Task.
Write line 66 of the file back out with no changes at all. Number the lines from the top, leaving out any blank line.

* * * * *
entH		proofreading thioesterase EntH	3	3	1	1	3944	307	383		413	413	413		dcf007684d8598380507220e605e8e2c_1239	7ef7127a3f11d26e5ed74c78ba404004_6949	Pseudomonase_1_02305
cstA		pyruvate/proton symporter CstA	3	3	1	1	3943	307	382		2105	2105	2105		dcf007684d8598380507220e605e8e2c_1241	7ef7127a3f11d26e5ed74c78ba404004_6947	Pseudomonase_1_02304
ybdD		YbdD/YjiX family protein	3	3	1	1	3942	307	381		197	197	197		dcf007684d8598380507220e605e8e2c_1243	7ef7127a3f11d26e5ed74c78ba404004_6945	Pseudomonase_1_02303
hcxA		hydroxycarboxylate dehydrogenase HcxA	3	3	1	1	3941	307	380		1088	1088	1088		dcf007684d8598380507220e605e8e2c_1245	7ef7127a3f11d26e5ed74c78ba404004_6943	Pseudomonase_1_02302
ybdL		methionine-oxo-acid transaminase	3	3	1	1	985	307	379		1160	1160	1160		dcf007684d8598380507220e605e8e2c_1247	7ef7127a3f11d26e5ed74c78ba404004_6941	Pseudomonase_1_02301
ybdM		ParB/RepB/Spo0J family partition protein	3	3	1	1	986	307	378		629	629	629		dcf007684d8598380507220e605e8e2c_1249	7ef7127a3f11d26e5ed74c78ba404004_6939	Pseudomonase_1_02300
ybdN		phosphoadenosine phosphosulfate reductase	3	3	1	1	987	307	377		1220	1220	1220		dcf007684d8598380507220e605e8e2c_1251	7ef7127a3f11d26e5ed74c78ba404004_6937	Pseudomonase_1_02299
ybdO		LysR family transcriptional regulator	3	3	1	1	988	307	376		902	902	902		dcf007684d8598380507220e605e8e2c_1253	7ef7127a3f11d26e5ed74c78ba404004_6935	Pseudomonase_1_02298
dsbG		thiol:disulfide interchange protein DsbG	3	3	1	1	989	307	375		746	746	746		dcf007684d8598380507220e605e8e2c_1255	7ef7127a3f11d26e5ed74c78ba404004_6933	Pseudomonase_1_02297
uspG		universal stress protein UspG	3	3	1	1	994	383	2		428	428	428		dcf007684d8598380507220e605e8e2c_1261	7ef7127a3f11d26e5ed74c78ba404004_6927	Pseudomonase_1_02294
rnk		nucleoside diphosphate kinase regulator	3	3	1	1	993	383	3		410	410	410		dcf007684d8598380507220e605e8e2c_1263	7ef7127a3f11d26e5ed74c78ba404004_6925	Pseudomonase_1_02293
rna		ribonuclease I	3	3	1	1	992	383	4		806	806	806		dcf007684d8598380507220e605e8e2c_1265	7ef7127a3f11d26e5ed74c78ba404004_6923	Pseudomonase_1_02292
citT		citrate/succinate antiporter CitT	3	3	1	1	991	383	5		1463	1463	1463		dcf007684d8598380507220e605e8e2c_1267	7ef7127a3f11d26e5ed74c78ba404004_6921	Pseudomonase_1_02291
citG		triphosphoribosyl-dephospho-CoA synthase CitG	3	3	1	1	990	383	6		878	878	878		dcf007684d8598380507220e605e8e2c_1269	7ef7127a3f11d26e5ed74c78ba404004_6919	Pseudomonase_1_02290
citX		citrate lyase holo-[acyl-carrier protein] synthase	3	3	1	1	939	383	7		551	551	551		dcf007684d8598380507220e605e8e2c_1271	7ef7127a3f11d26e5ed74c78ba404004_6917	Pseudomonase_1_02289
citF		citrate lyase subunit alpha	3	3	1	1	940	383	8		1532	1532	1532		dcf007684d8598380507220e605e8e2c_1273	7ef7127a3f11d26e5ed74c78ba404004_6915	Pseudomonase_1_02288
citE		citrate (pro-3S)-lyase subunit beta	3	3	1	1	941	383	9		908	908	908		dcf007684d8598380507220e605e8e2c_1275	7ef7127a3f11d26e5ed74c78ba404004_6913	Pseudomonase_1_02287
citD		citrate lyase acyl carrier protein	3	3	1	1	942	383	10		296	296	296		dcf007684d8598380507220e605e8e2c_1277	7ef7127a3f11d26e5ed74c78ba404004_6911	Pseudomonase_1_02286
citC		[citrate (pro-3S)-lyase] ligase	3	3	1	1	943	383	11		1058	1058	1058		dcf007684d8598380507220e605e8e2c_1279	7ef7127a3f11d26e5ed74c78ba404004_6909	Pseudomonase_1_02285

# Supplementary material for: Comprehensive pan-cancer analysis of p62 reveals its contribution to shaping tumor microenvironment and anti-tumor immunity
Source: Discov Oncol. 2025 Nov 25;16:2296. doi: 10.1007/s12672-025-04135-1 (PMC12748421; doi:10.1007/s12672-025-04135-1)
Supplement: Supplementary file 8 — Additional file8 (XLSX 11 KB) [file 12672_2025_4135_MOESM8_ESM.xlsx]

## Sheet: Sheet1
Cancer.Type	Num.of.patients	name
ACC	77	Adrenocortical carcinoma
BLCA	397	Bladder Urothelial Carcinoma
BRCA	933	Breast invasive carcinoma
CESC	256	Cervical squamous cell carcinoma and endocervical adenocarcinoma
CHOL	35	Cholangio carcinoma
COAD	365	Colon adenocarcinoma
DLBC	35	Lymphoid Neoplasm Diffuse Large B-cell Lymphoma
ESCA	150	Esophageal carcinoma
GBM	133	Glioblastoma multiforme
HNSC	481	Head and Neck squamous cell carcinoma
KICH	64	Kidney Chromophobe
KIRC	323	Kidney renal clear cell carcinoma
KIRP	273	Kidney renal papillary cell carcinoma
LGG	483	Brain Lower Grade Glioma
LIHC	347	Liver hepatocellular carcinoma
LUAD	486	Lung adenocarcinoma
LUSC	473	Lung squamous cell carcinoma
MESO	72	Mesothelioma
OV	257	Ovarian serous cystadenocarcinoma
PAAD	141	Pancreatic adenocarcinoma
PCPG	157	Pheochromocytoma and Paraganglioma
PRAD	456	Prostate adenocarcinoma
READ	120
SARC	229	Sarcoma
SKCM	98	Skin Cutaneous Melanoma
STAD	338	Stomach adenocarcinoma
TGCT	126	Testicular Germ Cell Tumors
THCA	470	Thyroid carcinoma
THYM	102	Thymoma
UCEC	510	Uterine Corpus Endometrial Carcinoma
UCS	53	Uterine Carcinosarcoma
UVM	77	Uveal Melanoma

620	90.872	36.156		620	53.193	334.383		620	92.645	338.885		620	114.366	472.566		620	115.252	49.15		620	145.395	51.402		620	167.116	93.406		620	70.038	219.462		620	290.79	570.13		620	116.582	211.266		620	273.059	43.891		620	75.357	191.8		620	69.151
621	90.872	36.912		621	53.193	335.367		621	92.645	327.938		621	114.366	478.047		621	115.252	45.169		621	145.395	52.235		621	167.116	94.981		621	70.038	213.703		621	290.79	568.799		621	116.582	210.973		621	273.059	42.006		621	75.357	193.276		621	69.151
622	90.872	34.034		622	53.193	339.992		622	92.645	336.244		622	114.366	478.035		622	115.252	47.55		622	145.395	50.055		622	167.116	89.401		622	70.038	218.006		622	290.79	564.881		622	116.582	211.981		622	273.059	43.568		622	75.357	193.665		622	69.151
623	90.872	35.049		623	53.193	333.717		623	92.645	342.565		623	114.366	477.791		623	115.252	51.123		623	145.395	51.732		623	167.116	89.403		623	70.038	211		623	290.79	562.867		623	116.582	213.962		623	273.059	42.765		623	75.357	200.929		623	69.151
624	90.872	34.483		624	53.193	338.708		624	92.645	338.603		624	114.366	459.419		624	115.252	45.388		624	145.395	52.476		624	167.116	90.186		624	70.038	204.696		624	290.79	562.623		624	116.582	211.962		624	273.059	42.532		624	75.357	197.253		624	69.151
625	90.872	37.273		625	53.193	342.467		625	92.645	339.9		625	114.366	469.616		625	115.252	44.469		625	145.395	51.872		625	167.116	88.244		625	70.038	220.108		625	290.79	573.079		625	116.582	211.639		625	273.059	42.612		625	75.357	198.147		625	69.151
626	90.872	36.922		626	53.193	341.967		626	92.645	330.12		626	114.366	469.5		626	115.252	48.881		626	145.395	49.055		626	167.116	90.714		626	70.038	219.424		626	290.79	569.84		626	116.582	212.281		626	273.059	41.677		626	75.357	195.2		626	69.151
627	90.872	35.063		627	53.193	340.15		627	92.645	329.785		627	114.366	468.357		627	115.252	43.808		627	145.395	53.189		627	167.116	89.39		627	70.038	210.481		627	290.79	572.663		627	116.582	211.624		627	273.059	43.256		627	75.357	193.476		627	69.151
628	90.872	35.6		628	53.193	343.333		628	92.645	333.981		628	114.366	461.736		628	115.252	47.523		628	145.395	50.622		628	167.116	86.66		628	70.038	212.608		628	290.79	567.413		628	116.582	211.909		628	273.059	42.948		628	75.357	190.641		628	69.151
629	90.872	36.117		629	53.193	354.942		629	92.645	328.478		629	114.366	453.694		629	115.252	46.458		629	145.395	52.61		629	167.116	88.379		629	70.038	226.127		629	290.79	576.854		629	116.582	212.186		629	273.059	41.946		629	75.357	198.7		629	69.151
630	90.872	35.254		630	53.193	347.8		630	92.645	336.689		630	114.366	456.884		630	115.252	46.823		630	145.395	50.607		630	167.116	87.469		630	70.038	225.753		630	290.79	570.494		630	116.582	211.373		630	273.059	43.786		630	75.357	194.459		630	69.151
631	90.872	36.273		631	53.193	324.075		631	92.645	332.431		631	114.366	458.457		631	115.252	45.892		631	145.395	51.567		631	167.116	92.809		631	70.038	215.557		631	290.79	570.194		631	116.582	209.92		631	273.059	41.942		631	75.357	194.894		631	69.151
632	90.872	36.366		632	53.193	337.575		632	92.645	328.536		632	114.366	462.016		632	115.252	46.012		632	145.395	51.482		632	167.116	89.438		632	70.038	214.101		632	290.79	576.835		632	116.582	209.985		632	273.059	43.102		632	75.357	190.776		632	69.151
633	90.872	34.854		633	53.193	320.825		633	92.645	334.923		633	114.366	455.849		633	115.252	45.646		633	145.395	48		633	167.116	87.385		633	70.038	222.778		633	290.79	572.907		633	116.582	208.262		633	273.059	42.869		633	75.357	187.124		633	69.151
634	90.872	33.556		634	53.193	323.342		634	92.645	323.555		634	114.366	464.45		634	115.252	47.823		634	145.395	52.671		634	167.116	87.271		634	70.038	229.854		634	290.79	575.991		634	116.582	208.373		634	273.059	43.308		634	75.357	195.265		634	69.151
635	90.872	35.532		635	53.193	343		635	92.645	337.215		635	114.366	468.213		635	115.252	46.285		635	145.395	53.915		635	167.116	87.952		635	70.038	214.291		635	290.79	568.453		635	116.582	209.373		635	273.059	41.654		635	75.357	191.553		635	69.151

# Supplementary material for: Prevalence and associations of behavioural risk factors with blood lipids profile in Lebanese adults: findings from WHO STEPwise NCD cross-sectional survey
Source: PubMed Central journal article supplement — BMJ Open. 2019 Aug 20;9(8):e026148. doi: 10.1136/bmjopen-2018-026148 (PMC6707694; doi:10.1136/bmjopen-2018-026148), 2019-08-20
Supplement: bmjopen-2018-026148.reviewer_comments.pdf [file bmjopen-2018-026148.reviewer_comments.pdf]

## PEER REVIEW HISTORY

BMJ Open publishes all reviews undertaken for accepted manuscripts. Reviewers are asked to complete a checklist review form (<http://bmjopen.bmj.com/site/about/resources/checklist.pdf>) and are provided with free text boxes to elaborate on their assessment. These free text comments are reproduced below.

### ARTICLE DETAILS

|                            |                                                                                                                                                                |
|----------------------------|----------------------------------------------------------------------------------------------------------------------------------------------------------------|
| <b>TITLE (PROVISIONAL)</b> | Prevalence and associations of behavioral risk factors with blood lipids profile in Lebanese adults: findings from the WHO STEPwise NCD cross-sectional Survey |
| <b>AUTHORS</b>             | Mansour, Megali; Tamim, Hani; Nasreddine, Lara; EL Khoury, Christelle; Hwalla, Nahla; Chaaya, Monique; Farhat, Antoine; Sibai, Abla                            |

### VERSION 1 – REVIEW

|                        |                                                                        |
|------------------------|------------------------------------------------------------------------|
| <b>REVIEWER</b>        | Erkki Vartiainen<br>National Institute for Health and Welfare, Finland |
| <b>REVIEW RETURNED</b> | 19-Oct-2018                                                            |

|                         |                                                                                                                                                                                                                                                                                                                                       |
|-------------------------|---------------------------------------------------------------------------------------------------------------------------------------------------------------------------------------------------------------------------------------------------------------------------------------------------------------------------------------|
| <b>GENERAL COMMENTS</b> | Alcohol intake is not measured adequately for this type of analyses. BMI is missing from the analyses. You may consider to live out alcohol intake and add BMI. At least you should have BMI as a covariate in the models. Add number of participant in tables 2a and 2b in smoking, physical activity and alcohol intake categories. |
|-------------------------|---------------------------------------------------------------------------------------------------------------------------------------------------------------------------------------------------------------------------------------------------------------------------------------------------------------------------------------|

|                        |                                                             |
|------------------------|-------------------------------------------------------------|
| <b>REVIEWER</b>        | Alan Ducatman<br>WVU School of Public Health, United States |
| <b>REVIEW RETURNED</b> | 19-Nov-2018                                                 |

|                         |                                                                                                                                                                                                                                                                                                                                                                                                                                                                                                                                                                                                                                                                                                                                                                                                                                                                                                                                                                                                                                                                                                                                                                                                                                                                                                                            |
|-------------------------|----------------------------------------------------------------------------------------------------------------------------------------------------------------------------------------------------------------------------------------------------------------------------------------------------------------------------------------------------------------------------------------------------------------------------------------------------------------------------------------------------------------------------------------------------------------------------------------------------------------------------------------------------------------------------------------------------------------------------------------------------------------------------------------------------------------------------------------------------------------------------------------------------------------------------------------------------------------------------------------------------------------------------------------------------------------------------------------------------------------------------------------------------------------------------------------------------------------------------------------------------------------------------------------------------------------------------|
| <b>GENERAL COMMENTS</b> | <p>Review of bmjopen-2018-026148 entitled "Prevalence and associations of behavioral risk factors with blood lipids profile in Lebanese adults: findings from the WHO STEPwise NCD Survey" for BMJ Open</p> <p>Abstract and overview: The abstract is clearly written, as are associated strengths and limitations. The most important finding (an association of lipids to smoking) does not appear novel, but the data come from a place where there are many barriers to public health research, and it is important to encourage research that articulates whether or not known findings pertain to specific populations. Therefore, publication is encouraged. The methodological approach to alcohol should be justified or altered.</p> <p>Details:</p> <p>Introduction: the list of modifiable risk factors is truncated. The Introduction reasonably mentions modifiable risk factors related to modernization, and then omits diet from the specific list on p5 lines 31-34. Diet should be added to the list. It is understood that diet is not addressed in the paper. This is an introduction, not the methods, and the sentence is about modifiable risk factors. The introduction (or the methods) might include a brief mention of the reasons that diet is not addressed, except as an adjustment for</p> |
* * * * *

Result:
629	90.872	36.117		629	53.193	354.942		629	92.645	328.478		629	114.366	453.694		629	115.252	46.458		629	145.395	52.61		629	167.116	88.379		629	70.038	226.127		629	290.79	576.854		629	116.582	212.186		629	273.059	41.946		629	75.357	198.7		629	69.151